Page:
13. Tell students that for every site they choose, to make sure to mark where the starting point is (mark on the ground surface where the front of the box is). The “pusher” must give one push to the box (three separate times) over five different surface sites: over a cement surface, over grass, over dirt, over carpet, and over a vinyl floor. After the box stops moving, mark on the ground surface where the front of the box is. Measure the distance the box moved.
14. Point out that the person doing the push for each object should try to be very consistent each time. To make sure that the “push” is consistent, the person doing the pushing should do it three times at every site and take the average distance of the three pushes.
15. Students should use the “Exploring Friction Experiment Results Sheet” to record all information during the experiment. Remind students to come up with a group prediction of which surface they think the box will move the farthest on. They must write down their prediction before they begin the experiment.
16. Tell students that after they do the experiment with the empty shoebox, they are going to do it again, this time with the bag of rocks (or marbles) inside. Remind students to make a group prediction about which surface they think the box will go the farthest on before they actually push the box. Also remind them to take the average of three pushes each time.
Closure (Reflect Anticipatory Set):
Ask students if they have a better understanding of what friction is. Ask each group to come up with one thing they have learned about friction. Tell the groups that they are not to repeat an answer that has already been given. As each group reads their statement, write it on the board. After all groups are finished reporting, ask students if what they see on the board about friction would help someone who was learning how to curl. Ask students to think about the video they saw about curling. Ask students what the sweepers were doing (reducing the friction between the stone and ice). Ask students if there was a way that they could think of to reduce the friction between their shoebox and the surfaces that they were experimenting with. Tell students that like curlers, they are going to have one more experiment to do, which is to find a way to reduce friction and make their box move a greater distance.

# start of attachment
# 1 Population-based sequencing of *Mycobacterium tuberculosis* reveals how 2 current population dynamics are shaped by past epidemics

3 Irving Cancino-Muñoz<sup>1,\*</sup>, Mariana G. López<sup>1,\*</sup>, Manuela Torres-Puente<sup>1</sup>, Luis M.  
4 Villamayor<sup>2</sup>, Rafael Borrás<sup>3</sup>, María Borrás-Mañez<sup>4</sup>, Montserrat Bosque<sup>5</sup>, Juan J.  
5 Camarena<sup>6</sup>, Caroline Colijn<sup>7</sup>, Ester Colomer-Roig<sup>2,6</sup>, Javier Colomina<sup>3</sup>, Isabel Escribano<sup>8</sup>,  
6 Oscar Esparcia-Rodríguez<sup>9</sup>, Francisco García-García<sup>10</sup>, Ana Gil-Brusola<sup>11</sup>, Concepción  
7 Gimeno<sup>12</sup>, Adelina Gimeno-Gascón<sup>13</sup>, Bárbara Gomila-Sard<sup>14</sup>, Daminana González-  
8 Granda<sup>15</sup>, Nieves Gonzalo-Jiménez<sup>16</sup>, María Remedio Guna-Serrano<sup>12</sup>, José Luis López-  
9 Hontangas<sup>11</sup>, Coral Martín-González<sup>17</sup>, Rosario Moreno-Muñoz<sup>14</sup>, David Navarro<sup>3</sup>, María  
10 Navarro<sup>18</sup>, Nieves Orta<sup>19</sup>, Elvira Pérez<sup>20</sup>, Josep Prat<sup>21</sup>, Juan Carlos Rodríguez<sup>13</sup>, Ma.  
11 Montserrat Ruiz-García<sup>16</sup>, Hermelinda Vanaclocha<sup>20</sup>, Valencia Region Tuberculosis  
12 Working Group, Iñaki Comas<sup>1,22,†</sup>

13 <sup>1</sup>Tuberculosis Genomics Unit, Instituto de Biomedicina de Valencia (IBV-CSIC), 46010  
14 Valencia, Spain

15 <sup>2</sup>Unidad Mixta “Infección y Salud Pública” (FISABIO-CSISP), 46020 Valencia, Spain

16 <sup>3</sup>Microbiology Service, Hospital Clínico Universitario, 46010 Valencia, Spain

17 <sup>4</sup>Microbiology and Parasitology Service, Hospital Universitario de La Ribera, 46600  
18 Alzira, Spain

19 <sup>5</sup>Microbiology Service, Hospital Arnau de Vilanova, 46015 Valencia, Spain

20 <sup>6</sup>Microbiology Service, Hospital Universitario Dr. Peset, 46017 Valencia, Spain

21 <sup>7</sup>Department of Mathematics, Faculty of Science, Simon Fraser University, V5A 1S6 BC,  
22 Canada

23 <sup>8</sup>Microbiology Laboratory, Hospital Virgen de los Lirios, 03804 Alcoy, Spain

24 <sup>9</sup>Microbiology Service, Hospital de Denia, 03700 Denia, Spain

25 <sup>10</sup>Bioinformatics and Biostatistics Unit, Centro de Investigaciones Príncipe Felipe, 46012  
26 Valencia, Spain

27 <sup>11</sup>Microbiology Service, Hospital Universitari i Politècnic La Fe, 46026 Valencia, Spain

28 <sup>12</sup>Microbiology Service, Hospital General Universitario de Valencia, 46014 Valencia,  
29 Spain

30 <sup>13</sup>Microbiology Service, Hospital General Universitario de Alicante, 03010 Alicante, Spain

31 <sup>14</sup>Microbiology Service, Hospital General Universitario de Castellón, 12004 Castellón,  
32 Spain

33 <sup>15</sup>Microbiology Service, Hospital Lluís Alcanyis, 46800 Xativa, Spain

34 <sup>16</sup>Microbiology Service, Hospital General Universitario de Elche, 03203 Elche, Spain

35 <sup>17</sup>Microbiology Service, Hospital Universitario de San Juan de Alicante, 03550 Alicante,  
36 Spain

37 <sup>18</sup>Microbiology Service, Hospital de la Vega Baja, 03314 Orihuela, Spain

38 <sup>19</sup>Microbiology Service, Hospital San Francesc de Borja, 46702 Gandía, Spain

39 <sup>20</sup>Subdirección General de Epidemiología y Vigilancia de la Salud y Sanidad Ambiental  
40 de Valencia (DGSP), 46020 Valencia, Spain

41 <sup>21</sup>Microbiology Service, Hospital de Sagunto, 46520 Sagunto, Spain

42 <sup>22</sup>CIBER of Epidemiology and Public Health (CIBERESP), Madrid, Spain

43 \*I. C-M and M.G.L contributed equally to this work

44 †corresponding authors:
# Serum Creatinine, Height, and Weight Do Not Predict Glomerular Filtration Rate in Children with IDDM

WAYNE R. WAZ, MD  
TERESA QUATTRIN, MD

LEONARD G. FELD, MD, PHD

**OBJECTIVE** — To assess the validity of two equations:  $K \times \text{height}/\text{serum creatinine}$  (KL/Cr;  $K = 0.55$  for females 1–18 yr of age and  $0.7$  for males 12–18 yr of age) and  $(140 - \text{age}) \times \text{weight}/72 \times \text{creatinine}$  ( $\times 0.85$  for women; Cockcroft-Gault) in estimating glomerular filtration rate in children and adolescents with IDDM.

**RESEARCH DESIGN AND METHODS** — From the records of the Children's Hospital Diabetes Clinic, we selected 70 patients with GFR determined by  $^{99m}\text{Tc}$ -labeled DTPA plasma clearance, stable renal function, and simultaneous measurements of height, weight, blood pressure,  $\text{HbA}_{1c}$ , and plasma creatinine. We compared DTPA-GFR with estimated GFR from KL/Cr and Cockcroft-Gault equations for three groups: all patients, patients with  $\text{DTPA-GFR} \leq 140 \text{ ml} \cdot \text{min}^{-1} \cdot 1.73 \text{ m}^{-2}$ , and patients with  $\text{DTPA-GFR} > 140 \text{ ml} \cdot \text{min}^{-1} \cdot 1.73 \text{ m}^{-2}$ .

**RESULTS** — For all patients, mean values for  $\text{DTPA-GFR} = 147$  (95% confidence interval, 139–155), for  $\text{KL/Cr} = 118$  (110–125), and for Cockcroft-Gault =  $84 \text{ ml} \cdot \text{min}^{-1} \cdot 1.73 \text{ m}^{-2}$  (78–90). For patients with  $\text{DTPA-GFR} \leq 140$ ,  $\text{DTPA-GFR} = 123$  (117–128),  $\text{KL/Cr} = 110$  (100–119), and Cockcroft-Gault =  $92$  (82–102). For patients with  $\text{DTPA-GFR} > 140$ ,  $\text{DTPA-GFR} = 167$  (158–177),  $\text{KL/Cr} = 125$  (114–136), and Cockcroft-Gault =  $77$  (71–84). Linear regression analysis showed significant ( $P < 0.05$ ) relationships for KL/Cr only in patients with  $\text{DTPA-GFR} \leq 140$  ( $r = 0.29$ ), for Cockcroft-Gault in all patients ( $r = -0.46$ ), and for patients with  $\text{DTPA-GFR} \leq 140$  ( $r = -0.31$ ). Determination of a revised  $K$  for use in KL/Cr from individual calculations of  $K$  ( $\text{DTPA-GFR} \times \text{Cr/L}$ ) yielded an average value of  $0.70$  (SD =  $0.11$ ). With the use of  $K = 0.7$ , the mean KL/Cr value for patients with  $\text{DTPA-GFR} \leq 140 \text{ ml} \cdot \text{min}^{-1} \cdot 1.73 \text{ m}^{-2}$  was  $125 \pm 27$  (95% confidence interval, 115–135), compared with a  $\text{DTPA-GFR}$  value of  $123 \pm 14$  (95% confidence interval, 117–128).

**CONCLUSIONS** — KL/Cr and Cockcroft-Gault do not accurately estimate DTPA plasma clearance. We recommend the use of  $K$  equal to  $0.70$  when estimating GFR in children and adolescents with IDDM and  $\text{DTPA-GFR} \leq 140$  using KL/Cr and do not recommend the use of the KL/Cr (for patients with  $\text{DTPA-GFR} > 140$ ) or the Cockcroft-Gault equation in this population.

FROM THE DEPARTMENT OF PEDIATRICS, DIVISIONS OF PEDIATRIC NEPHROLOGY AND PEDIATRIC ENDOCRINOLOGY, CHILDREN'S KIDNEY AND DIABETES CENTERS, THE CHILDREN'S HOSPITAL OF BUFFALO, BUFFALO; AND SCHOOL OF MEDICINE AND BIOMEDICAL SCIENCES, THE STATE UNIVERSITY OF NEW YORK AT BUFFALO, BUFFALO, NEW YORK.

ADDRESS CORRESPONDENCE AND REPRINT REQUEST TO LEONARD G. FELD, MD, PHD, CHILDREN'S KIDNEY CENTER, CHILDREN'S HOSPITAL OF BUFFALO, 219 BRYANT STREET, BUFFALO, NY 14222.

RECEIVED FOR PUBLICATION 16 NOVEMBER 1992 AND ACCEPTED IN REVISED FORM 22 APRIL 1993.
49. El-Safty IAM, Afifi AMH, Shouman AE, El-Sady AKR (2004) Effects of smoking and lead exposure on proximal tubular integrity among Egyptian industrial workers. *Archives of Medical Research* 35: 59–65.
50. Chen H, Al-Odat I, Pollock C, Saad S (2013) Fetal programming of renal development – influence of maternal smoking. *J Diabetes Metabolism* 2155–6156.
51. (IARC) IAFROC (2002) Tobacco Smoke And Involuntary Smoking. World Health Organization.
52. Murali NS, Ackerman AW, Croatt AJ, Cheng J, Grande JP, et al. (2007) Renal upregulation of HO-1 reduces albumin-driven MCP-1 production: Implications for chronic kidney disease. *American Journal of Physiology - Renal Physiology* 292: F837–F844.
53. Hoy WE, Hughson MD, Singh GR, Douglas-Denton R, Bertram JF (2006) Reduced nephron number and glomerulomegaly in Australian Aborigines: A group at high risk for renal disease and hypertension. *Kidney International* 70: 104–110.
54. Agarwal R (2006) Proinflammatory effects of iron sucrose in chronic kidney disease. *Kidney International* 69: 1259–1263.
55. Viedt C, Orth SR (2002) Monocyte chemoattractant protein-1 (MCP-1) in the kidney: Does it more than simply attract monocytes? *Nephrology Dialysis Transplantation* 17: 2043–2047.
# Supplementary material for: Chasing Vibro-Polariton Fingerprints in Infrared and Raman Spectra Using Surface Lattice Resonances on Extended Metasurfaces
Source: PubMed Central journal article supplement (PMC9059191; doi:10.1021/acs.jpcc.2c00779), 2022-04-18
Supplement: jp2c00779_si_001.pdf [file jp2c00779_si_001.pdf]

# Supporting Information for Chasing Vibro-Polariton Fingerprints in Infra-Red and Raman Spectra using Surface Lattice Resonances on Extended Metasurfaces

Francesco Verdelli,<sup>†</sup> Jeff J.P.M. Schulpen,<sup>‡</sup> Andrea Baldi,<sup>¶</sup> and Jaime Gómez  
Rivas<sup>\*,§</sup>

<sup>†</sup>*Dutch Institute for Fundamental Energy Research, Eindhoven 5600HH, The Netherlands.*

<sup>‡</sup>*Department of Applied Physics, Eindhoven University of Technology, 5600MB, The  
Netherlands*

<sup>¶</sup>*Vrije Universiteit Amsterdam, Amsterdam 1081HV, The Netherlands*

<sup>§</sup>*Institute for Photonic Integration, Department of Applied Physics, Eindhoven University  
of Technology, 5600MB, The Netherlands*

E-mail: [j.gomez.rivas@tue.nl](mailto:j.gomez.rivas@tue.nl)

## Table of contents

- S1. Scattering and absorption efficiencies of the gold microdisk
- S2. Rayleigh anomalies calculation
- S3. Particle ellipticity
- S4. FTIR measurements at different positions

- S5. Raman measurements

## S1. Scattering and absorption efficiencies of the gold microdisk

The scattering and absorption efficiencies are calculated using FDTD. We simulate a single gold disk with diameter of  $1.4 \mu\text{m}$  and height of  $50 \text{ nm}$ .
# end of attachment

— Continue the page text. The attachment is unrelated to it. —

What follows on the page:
Assessments & notes
Plan for Independent Practice:
Tell students that it is possible to either increase or reduce friction. Ask students if they would increase or reduce friction if they spread sand on an icy sidewalk. (increase) Ask students if a skier would increase or reduce friction if they applied wax to the bottom of their skis. (reduce).
Tell students that their job is to increase the distance that their box will go on one of the surfaces that they used. Ask students if this would involve increasing or reducing the amount of friction that exists between their box and the surface (reducing). Tell them that they must not increase the initial force that was used to push the box. Ask students to work in their original group to first brainstorm ways in which they could reduce the friction between the box and the surface so that the box will go a greater distance. Students must keep a record of what they had brainstormed as well as the results of their new experiment to make their box move a greater distance.Remind students to once again push their box three times and average the distance of those three pushes to get one push result. Tell students that during the next class period they will have the opportunity to share with the other groups the ways that they used to try to reduce friction.
Assessment Based on Objectives:
Begin the next day’s lesson with the quiz titled, “Exploring Friction Quiz”. (See attached quiz)
Possible Connections to Other Subjects:
Math: Measuring the distance the box moved each time. Figuring out an average from three different measurements.
Physical Education: Students will learn about the way friction can affect their performance in a variety of sports.
Language Arts: Students could write to the U.S. Curling Team to ask athletes specific questions about curling. The address is:
USCA National Office
5525 Clem's Way,
Stevens Point, WI 54482